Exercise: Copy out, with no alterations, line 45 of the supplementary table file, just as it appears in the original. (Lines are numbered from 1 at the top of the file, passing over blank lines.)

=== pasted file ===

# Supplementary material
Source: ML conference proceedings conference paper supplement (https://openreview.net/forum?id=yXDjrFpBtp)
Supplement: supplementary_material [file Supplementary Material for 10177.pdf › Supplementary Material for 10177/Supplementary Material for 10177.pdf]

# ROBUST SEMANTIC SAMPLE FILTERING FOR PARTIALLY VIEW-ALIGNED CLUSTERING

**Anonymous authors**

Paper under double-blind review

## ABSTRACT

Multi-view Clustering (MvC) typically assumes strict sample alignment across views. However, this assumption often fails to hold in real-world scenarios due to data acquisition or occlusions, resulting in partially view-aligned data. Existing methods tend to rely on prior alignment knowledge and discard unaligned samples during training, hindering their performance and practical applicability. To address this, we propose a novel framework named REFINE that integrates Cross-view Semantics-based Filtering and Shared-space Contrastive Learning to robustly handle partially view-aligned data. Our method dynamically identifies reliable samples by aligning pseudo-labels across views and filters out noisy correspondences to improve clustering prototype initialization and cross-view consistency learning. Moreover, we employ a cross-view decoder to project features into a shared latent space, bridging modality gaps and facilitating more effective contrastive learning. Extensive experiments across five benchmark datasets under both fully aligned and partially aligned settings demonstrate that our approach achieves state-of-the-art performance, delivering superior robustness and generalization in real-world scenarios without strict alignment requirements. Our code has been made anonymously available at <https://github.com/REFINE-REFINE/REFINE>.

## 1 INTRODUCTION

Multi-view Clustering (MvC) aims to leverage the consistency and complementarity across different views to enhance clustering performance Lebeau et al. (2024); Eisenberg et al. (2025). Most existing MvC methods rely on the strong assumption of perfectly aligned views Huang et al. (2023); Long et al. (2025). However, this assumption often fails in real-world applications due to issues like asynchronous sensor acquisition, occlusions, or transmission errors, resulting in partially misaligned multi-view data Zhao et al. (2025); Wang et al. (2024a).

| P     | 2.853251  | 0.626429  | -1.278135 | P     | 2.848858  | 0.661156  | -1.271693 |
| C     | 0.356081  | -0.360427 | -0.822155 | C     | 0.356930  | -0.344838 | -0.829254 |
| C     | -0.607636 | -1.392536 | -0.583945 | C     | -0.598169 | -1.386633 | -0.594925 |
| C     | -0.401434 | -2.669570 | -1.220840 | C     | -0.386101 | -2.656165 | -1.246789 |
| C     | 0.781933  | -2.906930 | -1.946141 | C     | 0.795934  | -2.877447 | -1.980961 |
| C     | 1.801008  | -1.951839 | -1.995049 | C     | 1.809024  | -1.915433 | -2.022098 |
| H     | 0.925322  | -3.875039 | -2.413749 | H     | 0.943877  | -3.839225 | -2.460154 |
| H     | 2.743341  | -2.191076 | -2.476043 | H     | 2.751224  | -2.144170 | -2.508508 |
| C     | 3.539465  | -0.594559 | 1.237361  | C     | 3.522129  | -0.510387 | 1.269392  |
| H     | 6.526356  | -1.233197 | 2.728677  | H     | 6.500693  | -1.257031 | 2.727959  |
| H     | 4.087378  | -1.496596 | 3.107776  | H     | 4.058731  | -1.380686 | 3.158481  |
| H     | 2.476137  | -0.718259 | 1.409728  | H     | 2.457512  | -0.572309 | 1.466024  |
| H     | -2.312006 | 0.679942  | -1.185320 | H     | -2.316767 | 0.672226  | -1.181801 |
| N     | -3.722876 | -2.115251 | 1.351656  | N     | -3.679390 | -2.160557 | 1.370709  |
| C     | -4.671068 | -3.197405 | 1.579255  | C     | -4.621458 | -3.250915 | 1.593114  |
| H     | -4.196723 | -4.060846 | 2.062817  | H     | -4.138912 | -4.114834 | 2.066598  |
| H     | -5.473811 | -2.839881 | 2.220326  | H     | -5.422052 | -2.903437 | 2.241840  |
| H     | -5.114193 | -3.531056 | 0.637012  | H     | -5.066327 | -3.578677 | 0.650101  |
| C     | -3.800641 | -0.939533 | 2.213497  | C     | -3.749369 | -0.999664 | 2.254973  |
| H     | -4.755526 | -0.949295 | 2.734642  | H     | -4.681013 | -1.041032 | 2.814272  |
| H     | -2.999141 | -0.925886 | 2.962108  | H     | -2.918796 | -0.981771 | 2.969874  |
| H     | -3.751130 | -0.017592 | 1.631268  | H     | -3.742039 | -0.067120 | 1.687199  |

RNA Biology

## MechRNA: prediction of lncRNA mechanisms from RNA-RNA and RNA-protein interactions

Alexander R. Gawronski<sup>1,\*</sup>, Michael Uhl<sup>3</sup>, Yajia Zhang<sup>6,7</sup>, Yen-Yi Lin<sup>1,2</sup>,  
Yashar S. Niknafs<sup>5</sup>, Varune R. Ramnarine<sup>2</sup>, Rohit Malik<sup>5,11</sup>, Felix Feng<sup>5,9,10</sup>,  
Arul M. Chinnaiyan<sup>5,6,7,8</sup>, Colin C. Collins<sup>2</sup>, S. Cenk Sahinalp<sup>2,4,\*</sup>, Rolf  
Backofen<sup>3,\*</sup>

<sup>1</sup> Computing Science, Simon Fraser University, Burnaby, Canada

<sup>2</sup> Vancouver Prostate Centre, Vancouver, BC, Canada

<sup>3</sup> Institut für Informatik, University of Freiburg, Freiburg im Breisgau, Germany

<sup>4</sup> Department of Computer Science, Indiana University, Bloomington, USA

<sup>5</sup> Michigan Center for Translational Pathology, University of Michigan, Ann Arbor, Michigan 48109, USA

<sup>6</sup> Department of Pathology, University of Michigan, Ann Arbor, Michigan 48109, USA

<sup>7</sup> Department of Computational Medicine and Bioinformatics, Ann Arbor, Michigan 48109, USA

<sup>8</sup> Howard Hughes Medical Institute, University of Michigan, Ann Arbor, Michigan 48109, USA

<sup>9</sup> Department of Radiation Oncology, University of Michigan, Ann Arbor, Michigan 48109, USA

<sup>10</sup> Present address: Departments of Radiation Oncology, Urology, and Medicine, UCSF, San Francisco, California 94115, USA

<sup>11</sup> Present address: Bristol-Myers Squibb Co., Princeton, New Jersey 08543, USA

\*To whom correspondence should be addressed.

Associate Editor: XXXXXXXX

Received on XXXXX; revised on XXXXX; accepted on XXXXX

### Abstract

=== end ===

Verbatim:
<sup>7</sup> Department of Computational Medicine and Bioinformatics, Ann Arbor, Michigan 48109, USA